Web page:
Corn, beans, and squashThe meeting spent a good portion of the first day discussing traditional ecological knowledges (TEK – and the “s” is not a typo; rather, it is a deliberate nod to the diversity of kinds and ways of knowing), their applicability to climate change, as well as the importance of ensuring that the knowledge is not just another thing taken, misunderstood, and misused by the dominant culture.

Robin Kimmerer, Potawatomi, professor, and author of Braiding Sweetgrass, presented a possible structure for good relationship between TEK and traditional western science. She used the metaphor of the Three Sisters, a traditional companion planting methodology of corn, beans, and squash used by the Haudenosaunee. The corn is planted first, providing the structure for the beans to grow up, and the squash shades the ground and suppresses the weeds. Traditional ecological knowledges are the corn; western science is the beans. Without TEK, western science just grows itself into a tangle all over the place. But if western science can look to TEK to point the way, it can grow up into the light in an orderly way, and find the solutions we need. The squash is ethics, and we all are the gardeners.

What would the negotiations look like if the UNFCCC were to think in this way?

Gearing up for COP19

I am eager to go back to a COP. My first and only COP was COP15 in Copenhagen in 2009. I went as the Policy Director for the Cascade Climate Network which is a regional super organization of youth activists from environmental groups in Oregon and Washington. It did not go well. I was thrown out along with the other NGOs into the cold of a Danish winter. Luckily, some Danish anarchists let my delegation stay in their concrete bunker for the rest of the COP. Our whole strategy was dependent on us being in the venue. We overhauled our approach and focused on building awareness and political pressure in real time from supporters in the US. The whole experience was jarring to me and caused me to refocus on local environmental issues for a while.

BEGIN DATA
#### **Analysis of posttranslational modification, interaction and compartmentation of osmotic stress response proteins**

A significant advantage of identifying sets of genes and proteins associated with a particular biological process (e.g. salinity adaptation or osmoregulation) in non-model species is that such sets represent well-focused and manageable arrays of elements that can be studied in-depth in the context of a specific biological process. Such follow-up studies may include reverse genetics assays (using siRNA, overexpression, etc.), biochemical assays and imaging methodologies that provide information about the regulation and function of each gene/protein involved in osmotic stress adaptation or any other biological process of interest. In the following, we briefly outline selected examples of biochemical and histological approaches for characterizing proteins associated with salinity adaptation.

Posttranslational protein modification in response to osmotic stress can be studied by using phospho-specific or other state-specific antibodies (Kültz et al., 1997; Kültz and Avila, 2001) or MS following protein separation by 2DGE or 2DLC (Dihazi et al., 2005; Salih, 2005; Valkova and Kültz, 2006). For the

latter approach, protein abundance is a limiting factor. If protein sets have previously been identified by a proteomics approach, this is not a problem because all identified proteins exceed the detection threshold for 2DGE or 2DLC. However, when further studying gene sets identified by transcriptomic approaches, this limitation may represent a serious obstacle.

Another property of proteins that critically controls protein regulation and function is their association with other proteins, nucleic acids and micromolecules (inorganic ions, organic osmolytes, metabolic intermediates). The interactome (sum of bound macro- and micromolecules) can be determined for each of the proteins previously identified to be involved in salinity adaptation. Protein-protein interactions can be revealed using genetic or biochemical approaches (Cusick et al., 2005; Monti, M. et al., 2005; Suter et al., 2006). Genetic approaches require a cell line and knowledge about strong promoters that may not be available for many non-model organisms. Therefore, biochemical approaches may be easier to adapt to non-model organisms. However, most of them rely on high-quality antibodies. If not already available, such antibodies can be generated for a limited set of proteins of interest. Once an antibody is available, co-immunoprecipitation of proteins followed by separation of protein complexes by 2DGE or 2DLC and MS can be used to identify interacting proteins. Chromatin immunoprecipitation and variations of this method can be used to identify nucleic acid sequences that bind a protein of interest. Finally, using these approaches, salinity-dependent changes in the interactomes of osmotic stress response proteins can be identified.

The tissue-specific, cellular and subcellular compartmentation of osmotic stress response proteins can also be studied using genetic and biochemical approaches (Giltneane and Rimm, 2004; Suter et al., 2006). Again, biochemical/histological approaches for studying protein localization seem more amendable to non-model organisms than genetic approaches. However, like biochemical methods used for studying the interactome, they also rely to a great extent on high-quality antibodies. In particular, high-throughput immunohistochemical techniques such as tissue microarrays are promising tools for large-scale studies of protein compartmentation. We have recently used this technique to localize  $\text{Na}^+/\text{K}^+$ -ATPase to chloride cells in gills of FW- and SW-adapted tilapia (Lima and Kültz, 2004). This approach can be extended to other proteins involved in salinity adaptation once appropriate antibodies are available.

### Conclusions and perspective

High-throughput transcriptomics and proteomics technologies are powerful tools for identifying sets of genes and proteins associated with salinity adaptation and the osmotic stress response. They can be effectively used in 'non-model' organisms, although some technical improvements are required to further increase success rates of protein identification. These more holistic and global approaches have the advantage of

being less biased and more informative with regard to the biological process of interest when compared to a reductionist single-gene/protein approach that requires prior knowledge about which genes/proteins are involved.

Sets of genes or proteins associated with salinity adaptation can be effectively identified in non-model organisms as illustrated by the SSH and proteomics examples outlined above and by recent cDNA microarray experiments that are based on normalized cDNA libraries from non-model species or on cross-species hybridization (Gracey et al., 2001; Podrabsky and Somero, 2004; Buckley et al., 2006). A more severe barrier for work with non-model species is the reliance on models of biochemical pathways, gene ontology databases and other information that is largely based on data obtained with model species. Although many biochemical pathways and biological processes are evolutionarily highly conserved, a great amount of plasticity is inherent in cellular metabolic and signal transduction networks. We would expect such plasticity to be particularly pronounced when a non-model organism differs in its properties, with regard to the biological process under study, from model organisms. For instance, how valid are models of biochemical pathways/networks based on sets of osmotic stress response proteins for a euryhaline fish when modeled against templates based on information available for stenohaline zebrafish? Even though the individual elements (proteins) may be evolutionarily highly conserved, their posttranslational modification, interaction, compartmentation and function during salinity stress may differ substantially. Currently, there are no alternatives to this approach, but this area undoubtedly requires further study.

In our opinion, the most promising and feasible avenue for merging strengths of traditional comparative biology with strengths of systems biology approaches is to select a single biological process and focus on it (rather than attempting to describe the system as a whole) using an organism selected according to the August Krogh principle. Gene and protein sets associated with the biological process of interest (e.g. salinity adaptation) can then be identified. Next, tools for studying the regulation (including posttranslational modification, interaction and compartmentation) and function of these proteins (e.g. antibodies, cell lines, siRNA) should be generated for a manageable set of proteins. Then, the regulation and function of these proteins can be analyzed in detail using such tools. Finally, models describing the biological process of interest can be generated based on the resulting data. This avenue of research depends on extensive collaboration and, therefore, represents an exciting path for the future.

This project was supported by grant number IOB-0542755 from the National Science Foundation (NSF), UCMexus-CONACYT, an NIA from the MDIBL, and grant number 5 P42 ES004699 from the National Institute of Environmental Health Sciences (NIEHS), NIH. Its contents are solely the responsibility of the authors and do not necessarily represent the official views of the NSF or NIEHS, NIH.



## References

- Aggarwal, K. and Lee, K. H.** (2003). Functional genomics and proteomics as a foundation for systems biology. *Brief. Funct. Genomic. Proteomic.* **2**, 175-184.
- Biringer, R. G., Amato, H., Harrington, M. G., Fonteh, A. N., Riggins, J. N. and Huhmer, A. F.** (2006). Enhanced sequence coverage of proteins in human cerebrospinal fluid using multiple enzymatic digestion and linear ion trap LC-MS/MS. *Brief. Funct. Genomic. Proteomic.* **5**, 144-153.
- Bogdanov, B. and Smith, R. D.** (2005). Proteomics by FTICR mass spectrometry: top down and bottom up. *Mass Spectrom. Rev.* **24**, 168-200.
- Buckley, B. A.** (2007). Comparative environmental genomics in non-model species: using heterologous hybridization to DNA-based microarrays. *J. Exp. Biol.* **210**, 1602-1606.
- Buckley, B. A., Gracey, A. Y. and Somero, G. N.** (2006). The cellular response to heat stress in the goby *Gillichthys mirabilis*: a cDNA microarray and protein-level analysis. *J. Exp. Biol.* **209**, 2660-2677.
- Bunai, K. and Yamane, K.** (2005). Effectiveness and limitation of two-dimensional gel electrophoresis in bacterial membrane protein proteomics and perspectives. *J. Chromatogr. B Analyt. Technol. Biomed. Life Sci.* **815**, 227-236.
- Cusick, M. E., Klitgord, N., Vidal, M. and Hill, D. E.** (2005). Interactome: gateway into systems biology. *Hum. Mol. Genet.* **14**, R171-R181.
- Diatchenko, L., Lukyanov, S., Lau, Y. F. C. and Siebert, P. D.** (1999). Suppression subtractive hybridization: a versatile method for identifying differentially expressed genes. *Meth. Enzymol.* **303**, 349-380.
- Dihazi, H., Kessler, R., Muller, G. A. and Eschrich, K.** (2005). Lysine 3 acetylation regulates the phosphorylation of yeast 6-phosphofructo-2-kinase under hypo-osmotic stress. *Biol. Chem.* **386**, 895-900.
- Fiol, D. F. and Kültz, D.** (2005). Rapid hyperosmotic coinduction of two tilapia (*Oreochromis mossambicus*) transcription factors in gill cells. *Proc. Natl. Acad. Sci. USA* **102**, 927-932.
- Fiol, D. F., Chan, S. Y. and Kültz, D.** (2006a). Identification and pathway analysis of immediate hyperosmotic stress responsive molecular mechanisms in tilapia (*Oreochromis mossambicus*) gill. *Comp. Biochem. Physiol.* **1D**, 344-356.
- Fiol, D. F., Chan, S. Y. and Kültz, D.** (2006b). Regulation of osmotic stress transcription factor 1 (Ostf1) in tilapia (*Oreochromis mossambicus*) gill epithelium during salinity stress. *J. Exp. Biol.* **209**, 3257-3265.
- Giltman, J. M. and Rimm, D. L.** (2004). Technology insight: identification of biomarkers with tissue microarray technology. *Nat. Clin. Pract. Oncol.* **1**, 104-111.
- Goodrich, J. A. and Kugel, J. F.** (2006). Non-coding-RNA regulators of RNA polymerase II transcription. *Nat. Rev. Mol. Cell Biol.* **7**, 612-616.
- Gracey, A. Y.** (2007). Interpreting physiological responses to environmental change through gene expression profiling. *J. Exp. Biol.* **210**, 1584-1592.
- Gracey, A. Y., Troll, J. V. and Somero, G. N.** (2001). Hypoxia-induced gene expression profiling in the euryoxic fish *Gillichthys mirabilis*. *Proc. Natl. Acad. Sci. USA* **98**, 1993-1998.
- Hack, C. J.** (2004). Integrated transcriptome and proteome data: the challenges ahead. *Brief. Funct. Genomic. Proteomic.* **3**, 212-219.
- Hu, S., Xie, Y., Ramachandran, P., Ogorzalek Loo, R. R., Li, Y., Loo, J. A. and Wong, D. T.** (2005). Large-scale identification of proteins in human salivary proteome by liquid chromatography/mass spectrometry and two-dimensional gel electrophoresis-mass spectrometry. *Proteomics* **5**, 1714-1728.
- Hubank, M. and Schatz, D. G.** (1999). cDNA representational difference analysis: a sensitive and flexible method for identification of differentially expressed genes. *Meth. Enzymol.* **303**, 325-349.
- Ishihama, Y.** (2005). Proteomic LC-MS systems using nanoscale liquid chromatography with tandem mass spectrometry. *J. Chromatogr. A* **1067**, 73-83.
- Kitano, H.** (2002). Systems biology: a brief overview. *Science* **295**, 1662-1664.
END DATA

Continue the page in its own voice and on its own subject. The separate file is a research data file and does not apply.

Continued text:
I am currently a second year JD/Master of Environmental Law and Policy candidate at Vermont Law School. I also am a Research Associate at the Institute for Energy and the Environment, focusing on how environmental data is used during permitting for Arctic oil drilling.

Gearing up for COP19

My hobby is boxing


I will be working with the Center for International Environmental Law (CIEL) on safeguarding forests and forest livelihoods. My role is to flit from meeting to meeting and take notes so that CIEL is aware of all of the developments regarding safeguards in results-based finance. Currently, forest protection under the UNFCCC is based on the REDD+ (link) mechanism. There is a debate about how much of the finance should be tied to results, how strict the safeguards should be, when they should kick in, and how they will be monitored. Non-carbon benefits aren’t included now, but may be added into the REDD+ mechanism. Indigenous groups are pushing for more participation as equal partners, stewards and monitors.


I am looking forward to having a real (indoors!) COP experience.